Industry must take a lead on Brexit, WSTA urges

The wine industry needs to act now rather than waiting for Brexit, the WSTA has told members on the day of its annual conference.

brexit-shutterstock2The wine and trade body said it was crucial that the industry work out ‘model’ trade agreements that could help steer talks with government and determine the parameters of talks.

As db reported last week, the Wine and Spirit Trade Association has begun talks with Australian and New Zealand counterparts to ensure the best deal for consumers and the industry in any free trade agreement.

The WSTA quoted a YouGov poll conducted for its market report that found around 87% of people polled wanted to see free trade agreement with non-EU countries, while around 86% of people said they want a free-trade deal with the EU.

It follows news that the UK Prime Minister Theresa May and Australian Premier Malcolm Turnbull were keen to progress early trade talks between the two nations.

WSTA chief executive Miles Beale said the impetus for the development of a model wine and spirit agreements not just from the UK-side, saying he had seen “warm and broad-based support” for the WSTA’s proposal to work with the Australian industry bodies and government to develop model agreements in a recent visit.

“Trade in wines and spirits is mutually beneficial and all negotiators must and should recognise this,” he said. “We have no intention of idly waiting around for Brexit to happen we have to take action now. We hope the UK government will welcome our initiative.”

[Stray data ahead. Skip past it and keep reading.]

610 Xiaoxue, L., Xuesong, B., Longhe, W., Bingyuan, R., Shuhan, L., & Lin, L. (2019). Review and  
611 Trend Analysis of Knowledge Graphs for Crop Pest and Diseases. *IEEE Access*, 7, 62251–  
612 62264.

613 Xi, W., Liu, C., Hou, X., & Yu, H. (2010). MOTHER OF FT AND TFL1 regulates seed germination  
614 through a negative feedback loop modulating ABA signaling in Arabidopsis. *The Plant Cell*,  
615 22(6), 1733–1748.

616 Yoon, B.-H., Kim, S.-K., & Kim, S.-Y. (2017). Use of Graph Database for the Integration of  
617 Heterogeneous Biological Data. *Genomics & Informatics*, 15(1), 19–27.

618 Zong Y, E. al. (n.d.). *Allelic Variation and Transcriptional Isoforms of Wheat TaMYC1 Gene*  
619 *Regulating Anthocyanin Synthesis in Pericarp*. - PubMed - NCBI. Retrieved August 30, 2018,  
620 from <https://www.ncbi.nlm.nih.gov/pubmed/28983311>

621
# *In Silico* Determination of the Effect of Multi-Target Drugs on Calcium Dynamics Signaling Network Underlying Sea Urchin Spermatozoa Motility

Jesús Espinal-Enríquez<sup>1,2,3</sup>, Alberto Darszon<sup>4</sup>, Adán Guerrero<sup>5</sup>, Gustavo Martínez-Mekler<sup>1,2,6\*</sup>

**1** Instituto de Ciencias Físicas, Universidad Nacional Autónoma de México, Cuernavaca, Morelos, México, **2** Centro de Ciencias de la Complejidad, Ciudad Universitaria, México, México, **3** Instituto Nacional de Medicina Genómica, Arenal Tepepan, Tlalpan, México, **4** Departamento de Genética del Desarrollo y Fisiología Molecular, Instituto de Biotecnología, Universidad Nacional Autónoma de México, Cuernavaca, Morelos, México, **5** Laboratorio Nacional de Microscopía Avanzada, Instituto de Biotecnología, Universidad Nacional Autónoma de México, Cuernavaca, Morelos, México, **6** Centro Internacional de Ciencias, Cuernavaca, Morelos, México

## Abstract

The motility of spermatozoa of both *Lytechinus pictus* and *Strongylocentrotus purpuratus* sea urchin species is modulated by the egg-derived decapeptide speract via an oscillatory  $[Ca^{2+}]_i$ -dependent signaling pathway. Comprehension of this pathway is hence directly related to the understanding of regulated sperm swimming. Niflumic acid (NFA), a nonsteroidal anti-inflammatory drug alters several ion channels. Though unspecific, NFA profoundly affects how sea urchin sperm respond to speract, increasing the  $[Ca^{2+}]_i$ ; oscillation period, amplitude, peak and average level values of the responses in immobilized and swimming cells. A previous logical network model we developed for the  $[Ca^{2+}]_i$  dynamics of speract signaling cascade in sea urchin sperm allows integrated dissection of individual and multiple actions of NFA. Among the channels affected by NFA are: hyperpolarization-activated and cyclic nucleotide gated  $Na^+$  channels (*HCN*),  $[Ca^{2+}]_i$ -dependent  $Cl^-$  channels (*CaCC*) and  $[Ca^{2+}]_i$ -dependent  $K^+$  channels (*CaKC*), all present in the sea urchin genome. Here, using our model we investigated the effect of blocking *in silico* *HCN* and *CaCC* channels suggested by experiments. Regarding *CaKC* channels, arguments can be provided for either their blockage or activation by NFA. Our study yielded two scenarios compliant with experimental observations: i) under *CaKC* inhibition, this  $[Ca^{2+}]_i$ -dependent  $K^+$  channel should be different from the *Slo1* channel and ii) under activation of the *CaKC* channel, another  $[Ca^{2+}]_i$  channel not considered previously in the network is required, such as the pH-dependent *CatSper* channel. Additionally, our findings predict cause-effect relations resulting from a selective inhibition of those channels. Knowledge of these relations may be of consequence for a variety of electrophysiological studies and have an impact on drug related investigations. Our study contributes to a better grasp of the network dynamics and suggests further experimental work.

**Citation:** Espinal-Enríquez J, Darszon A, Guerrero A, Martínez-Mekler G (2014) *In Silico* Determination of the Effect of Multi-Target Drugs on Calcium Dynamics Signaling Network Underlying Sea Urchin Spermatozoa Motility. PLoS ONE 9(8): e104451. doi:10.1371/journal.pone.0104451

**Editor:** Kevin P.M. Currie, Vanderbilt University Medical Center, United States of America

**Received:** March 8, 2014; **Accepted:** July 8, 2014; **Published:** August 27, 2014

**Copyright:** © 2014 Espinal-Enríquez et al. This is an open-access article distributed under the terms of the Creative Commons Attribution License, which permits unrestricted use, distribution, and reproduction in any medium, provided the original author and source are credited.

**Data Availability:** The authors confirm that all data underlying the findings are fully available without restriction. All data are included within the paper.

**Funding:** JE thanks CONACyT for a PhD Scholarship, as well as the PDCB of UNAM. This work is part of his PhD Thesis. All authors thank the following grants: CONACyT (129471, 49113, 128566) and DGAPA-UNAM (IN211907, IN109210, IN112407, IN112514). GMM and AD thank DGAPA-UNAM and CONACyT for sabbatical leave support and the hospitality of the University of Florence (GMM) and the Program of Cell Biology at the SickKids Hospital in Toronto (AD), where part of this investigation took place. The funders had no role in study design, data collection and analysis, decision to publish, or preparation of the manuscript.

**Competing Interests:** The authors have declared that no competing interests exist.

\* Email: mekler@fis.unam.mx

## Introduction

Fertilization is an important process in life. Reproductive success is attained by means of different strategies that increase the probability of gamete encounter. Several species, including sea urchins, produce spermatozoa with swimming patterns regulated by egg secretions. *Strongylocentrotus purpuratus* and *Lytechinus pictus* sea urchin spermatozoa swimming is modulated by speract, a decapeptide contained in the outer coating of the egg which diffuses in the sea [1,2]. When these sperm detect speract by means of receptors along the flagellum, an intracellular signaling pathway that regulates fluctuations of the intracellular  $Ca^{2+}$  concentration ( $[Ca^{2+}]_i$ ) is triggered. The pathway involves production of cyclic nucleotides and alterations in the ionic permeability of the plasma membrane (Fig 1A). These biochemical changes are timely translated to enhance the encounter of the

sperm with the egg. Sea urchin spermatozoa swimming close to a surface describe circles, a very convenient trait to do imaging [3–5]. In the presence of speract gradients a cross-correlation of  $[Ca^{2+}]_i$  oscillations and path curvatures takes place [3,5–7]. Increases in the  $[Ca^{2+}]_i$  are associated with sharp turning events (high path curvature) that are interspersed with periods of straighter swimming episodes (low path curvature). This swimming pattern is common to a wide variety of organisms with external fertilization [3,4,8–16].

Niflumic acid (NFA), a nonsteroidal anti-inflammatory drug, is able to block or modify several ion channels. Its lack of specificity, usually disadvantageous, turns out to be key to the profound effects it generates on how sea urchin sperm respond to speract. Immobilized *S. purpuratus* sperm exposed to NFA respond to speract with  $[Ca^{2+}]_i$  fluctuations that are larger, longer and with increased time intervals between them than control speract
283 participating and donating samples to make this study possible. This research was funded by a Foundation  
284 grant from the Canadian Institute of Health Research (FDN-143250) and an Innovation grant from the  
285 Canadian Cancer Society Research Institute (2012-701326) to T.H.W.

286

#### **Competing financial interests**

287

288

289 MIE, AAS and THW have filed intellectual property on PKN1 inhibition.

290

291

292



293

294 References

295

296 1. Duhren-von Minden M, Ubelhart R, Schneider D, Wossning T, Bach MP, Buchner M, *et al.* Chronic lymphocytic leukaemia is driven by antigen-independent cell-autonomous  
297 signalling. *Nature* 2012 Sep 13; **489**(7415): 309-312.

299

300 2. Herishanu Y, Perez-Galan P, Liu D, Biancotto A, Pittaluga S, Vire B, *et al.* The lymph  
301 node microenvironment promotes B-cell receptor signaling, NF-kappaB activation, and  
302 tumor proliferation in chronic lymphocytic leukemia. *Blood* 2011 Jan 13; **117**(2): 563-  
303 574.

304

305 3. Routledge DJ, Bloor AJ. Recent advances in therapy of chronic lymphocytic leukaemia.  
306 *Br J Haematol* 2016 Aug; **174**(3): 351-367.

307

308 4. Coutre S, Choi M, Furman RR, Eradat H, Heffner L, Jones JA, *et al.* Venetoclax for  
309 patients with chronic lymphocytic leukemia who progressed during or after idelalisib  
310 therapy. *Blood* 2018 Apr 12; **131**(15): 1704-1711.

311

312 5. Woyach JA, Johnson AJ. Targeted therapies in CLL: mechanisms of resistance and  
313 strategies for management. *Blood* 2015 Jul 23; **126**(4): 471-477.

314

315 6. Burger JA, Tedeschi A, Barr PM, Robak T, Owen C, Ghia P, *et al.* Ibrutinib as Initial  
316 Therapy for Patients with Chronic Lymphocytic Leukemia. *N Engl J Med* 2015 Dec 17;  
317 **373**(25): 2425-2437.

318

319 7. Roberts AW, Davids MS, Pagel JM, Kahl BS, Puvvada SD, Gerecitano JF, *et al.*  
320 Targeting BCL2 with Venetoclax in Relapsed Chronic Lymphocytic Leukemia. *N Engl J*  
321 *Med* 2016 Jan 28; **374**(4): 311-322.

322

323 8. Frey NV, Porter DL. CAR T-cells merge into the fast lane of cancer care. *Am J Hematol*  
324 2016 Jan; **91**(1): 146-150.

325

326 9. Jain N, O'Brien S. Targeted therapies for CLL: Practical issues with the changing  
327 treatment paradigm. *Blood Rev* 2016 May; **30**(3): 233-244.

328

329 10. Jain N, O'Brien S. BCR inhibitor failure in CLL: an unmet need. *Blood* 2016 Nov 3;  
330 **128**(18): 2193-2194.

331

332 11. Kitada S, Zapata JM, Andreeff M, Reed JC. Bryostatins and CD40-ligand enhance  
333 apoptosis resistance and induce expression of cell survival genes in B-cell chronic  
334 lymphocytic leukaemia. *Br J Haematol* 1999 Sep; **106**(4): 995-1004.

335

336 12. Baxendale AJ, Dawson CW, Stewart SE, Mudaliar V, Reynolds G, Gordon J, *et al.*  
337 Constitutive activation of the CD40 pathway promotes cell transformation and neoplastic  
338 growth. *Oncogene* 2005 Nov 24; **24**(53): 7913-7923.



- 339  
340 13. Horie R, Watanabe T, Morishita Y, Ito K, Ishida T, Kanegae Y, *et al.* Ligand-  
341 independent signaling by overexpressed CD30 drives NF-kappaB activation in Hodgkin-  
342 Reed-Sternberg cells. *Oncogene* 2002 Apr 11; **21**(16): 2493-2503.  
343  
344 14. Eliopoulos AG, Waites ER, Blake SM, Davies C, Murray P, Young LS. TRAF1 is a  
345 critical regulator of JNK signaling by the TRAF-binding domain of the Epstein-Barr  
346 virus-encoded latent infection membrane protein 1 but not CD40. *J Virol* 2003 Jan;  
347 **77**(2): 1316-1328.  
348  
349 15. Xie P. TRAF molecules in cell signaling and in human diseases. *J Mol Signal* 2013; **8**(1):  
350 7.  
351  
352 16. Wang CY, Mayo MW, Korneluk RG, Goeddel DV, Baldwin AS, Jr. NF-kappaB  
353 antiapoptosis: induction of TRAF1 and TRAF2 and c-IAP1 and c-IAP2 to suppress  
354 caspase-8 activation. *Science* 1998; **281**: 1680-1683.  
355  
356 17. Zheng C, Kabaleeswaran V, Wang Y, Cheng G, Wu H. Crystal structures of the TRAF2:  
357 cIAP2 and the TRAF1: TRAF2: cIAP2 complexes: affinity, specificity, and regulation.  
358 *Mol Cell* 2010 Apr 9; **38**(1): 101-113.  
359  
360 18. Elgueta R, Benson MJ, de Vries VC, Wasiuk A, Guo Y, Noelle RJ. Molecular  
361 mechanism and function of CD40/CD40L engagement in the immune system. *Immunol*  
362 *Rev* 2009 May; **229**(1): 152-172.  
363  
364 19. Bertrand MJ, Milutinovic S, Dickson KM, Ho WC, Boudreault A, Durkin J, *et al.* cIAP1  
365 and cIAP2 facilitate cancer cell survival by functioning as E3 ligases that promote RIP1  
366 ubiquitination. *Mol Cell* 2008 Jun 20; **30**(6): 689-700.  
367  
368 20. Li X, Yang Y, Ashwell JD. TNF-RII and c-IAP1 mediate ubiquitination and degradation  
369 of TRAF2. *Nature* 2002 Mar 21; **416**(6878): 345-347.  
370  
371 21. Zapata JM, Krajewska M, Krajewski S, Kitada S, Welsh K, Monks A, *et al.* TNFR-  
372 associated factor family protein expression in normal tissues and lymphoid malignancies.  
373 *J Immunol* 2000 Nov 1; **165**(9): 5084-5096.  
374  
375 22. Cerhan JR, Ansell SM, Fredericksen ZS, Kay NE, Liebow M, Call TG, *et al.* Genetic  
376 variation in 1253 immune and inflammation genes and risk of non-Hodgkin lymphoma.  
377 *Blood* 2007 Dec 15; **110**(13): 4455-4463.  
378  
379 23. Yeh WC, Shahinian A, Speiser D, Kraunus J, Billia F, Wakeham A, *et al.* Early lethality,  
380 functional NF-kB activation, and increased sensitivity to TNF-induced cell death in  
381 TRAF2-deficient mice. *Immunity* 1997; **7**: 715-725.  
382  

The WSTA said nearly 70% of all Australian wine which ends up in the EU, around 69% by volume came via the UK first, or 66% by value, while the figure for New Zealand was even higher, with 76% by volume and 77% value coming to the UK first.

Beale pointed out that “unnecessary barriers to trade” would hit both sides, as the UK spirits industry exports around £140m to Australia a year, while Australia sells around £1.5bn in the UK, a rise of 3%.

He is advocating “sector-specific arrangements” to progress free-trade, looking at standalone agreements, or agreements that form part of a broader trade deal.

Beale said it was “essential” that the UK maintains its pole position in the global drinks market, not only as a major destination market, but also as a key hub for international trade.

“While the UK cannot formally negotiate with the New Zealand and Australian governments yet, the industry can prepare most of the ground in advance. That is precisely what the WSTA intends doing,” he said.

“The wine and spirit industry is a huge contributor to our economy, worth £21.1bn annually and the concern is that leaving the EU could lead to businesses looking to relocate.”

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